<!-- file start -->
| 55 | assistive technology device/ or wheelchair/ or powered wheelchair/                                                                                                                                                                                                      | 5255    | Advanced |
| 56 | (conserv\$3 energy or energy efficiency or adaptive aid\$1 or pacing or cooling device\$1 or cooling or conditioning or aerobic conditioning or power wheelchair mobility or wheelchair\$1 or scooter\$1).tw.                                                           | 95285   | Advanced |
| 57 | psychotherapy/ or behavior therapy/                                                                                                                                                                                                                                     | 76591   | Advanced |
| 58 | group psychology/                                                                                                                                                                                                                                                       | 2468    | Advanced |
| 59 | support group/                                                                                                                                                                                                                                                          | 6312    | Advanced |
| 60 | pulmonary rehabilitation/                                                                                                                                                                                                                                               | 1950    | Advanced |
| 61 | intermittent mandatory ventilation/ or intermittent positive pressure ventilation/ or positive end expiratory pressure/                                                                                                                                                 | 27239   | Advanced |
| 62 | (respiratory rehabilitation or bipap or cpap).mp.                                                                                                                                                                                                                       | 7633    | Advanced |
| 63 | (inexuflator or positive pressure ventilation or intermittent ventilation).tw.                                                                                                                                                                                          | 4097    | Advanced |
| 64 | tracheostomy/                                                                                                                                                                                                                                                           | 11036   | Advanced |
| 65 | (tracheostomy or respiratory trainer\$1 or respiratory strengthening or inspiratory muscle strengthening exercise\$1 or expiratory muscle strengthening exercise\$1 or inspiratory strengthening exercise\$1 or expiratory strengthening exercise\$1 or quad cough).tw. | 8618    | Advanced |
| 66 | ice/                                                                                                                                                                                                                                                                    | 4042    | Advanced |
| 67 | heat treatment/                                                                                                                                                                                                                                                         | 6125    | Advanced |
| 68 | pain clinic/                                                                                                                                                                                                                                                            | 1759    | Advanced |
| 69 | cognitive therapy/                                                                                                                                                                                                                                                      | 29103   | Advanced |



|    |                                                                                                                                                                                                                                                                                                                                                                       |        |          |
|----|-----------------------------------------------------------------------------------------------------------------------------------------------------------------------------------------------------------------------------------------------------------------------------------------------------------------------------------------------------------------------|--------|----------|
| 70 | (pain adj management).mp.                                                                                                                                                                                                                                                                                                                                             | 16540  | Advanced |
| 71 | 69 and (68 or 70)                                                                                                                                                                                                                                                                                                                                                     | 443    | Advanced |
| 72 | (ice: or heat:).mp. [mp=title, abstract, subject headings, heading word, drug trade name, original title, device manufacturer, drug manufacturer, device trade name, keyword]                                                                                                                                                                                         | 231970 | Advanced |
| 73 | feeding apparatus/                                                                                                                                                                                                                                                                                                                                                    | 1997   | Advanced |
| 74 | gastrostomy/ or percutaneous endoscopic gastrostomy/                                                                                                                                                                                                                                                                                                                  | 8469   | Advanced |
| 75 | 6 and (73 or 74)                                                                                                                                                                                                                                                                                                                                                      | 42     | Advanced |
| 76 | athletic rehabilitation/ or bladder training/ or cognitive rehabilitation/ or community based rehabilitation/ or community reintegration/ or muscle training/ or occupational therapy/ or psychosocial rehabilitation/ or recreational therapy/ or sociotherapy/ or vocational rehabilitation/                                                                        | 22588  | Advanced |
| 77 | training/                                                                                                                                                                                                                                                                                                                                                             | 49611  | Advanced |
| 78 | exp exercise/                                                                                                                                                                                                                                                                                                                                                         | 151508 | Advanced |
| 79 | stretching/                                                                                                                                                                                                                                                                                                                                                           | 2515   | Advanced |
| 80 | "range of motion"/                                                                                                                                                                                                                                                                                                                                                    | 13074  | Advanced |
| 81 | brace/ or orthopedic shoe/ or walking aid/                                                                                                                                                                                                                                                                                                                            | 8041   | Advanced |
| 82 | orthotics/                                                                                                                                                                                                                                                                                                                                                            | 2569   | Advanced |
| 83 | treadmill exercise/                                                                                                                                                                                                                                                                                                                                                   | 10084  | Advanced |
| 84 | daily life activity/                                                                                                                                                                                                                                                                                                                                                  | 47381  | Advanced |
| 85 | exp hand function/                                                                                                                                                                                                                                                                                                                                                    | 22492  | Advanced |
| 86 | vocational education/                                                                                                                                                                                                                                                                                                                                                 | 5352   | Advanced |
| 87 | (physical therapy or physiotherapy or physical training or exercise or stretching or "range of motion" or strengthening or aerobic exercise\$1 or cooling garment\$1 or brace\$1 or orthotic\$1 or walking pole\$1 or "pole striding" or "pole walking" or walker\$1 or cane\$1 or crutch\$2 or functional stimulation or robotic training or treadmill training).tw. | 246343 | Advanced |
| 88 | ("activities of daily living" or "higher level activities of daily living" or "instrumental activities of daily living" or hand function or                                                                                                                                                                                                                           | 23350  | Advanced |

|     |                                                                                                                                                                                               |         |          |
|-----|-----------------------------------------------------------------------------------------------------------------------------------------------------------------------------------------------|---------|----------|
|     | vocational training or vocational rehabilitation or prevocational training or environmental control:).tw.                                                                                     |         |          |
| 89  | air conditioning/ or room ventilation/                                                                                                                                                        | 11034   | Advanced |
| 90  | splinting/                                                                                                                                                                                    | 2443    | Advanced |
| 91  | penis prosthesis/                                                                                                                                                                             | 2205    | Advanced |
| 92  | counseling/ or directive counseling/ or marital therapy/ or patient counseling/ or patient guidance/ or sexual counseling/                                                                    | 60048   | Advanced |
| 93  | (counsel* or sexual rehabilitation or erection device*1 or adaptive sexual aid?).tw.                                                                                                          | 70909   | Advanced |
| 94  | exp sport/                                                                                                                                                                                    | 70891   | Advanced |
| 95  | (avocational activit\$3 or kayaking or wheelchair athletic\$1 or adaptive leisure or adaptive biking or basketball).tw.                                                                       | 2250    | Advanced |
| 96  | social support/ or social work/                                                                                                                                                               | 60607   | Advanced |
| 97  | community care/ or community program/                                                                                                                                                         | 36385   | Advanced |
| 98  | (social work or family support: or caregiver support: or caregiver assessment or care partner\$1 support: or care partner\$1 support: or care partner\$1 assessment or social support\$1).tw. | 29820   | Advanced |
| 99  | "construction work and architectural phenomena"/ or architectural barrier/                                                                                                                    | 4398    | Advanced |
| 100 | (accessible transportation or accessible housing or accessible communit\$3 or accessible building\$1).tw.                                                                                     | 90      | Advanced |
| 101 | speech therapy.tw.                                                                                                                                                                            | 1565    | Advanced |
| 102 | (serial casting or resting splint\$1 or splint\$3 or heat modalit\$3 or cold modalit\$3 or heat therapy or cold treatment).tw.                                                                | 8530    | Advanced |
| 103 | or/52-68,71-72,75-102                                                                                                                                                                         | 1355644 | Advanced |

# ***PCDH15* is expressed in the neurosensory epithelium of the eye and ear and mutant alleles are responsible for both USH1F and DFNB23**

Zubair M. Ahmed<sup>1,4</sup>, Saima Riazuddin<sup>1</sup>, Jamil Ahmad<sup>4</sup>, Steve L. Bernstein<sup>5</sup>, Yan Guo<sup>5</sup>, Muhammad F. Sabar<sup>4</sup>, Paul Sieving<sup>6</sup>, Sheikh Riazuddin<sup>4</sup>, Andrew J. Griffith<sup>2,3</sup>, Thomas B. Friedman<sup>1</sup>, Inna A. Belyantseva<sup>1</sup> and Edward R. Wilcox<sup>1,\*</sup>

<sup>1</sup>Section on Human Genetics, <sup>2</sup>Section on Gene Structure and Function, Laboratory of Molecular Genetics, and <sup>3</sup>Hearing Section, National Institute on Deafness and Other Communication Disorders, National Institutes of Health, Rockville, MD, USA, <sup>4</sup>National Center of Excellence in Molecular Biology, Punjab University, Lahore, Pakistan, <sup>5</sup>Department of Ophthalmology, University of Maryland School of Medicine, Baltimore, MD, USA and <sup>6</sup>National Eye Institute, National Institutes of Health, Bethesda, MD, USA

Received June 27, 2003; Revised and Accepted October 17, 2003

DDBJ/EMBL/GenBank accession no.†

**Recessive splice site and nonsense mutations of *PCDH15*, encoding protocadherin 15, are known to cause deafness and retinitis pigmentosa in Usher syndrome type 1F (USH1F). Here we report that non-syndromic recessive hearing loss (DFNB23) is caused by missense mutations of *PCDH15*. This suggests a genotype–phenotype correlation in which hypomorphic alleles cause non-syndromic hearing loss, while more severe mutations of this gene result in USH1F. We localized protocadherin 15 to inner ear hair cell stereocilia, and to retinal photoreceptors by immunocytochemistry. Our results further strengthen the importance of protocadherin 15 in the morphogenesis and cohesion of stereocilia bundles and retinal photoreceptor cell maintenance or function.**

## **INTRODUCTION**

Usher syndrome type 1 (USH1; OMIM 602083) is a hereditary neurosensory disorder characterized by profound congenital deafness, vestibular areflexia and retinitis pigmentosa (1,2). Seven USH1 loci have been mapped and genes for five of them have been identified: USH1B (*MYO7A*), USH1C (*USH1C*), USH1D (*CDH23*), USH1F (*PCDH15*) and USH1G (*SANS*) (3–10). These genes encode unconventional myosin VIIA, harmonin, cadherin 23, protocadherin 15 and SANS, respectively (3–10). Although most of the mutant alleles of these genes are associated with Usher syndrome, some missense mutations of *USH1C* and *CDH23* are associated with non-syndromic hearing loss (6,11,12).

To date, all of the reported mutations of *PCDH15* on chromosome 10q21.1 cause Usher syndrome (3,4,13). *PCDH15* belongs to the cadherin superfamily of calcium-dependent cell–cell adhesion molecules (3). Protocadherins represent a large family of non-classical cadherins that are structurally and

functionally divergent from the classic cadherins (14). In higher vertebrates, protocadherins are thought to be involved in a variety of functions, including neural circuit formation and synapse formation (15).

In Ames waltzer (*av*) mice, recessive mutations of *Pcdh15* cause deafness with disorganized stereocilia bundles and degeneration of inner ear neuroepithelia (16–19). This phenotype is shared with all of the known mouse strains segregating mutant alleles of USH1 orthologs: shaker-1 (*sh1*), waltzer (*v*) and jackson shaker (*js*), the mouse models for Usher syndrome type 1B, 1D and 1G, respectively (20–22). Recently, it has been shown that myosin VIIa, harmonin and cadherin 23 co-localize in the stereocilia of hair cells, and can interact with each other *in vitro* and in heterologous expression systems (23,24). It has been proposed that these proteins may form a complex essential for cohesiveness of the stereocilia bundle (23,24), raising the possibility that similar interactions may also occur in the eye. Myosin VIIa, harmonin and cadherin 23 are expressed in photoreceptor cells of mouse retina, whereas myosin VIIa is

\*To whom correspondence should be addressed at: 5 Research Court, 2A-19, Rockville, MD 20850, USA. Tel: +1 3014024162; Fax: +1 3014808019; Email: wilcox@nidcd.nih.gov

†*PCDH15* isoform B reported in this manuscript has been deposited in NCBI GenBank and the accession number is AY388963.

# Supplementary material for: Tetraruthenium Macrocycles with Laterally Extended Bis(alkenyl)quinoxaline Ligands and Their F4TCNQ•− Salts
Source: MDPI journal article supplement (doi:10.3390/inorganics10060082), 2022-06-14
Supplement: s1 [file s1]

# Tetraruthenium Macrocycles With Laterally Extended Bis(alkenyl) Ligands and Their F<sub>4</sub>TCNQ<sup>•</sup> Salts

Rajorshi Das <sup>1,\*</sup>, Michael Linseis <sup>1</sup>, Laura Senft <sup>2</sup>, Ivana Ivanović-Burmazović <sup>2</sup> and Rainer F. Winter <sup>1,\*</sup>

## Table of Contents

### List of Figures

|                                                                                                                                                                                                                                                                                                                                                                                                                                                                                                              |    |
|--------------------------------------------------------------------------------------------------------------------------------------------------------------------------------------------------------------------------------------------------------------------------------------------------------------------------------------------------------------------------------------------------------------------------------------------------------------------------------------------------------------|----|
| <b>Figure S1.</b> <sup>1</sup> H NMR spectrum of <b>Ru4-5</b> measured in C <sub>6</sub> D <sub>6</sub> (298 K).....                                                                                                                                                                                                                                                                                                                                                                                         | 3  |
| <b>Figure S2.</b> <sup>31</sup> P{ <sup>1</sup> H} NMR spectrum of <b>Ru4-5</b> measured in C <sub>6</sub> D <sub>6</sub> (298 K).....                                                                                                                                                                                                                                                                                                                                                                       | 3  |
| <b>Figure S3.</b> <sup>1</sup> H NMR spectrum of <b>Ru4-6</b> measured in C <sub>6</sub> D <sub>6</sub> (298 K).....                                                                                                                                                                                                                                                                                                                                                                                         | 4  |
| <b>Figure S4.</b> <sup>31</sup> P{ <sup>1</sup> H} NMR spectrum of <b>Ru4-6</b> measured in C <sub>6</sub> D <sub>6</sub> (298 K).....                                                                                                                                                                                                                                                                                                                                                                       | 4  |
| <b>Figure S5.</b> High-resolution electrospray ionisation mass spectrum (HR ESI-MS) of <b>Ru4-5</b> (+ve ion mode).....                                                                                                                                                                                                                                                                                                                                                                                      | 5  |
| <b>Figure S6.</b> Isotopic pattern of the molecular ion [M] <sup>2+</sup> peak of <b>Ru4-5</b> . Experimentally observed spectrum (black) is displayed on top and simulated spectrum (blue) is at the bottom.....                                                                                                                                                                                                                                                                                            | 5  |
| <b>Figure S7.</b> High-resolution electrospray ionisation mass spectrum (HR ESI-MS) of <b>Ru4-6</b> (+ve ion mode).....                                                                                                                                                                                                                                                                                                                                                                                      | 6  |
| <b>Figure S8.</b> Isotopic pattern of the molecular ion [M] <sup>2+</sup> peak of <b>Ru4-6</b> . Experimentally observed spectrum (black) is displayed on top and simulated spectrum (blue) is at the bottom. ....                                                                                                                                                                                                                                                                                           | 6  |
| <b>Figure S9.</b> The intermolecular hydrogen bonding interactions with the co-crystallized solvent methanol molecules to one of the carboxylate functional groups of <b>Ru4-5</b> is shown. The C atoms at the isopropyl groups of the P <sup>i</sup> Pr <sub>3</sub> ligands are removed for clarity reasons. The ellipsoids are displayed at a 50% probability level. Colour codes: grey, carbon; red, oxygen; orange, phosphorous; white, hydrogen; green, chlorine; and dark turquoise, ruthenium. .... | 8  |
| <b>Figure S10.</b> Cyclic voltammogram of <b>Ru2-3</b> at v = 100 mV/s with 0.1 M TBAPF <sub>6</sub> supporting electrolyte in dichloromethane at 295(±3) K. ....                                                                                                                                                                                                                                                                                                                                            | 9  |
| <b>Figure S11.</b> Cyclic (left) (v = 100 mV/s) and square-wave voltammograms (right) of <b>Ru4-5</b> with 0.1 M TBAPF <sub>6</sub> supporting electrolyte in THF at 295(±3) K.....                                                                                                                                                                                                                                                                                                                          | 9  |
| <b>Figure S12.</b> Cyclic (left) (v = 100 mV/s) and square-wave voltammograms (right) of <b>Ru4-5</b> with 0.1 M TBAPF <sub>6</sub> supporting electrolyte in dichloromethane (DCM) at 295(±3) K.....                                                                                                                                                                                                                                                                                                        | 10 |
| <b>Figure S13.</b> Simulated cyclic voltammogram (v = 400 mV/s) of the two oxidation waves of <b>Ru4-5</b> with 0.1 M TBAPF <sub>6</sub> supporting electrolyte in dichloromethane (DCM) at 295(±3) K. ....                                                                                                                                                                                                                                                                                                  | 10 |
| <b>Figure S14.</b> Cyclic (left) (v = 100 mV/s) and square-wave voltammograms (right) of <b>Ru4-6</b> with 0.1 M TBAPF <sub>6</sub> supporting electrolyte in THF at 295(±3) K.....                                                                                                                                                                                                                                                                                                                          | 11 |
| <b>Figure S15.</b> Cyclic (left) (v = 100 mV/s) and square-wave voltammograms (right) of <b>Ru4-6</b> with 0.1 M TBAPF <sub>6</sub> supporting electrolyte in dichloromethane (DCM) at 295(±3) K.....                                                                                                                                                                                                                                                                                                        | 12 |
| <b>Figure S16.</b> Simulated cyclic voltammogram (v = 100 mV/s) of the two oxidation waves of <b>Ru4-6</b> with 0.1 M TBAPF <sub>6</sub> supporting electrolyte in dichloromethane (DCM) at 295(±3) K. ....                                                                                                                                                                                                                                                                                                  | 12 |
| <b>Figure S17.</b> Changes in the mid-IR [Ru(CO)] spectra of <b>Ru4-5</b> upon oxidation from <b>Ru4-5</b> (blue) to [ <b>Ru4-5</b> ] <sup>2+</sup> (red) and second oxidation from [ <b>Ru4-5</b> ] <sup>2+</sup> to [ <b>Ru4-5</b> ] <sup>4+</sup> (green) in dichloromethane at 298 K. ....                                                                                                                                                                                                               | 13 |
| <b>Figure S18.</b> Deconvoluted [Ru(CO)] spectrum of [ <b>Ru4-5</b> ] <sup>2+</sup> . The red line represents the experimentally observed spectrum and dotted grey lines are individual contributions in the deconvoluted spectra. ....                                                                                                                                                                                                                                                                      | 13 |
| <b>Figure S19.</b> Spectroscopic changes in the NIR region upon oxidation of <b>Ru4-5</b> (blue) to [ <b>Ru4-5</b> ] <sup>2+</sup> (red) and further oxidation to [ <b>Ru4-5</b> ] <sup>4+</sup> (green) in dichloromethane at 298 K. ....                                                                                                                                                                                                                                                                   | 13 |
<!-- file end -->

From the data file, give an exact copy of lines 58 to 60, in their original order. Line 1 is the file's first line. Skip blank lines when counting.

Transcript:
Received June 27, 2003; Revised and Accepted October 17, 2003

DDBJ/EMBL/GenBank accession no.†

**Recessive splice site and nonsense mutations of *PCDH15*, encoding protocadherin 15, are known to cause deafness and retinitis pigmentosa in Usher syndrome type 1F (USH1F). Here we report that non-syndromic recessive hearing loss (DFNB23) is caused by missense mutations of *PCDH15*. This suggests a genotype–phenotype correlation in which hypomorphic alleles cause non-syndromic hearing loss, while more severe mutations of this gene result in USH1F. We localized protocadherin 15 to inner ear hair cell stereocilia, and to retinal photoreceptors by immunocytochemistry. Our results further strengthen the importance of protocadherin 15 in the morphogenesis and cohesion of stereocilia bundles and retinal photoreceptor cell maintenance or function.**